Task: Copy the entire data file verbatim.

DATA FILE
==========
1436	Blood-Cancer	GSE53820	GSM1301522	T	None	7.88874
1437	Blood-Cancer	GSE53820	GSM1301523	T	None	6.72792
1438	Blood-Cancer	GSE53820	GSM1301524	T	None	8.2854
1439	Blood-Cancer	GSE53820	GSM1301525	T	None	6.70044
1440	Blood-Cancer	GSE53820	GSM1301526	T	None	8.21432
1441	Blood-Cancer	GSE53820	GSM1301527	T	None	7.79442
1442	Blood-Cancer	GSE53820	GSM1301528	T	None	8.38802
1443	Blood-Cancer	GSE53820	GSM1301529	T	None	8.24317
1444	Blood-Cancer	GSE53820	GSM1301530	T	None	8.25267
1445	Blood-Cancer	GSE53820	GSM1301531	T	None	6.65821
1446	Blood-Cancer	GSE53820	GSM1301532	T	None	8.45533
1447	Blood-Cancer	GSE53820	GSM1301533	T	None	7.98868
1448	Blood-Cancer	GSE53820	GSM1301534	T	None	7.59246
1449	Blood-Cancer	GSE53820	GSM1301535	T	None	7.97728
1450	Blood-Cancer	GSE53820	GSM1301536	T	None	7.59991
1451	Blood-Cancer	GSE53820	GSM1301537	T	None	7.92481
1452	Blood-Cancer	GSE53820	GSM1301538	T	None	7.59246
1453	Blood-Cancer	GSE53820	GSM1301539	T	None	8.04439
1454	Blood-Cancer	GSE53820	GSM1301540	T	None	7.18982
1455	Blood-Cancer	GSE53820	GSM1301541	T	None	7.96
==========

1436	Blood-Cancer	GSE53820	GSM1301522	T	None	7.88874
1437	Blood-Cancer	GSE53820	GSM1301523	T	None	6.72792
1438	Blood-Cancer	GSE53820	GSM1301524	T	None	8.2854
1439	Blood-Cancer	GSE53820	GSM1301525	T	None	6.70044
1440	Blood-Cancer	GSE53820	GSM1301526	T	None	8.21432
1441	Blood-Cancer	GSE53820	GSM1301527	T	None	7.79442
1442	Blood-Cancer	GSE53820	GSM1301528	T	None	8.38802
1443	Blood-Cancer	GSE53820	GSM1301529	T	None	8.24317
1444	Blood-Cancer	GSE53820	GSM1301530	T	None	8.25267
1445	Blood-Cancer	GSE53820	GSM1301531	T	None	6.65821
1446	Blood-Cancer	GSE53820	GSM1301532	T	None	8.45533
1447	Blood-Cancer	GSE53820	GSM1301533	T	None	7.98868
1448	Blood-Cancer	GSE53820	GSM1301534	T	None	7.59246
1449	Blood-Cancer	GSE53820	GSM1301535	T	None	7.97728
1450	Blood-Cancer	GSE53820	GSM1301536	T	None	7.59991
1451	Blood-Cancer	GSE53820	GSM1301537	T	None	7.92481
1452	Blood-Cancer	GSE53820	GSM1301538	T	None	7.59246
1453	Blood-Cancer	GSE53820	GSM1301539	T	None	8.04439
1454	Blood-Cancer	GSE53820	GSM1301540	T	None	7.18982
1455	Blood-Cancer	GSE53820	GSM1301541	T	None	7.96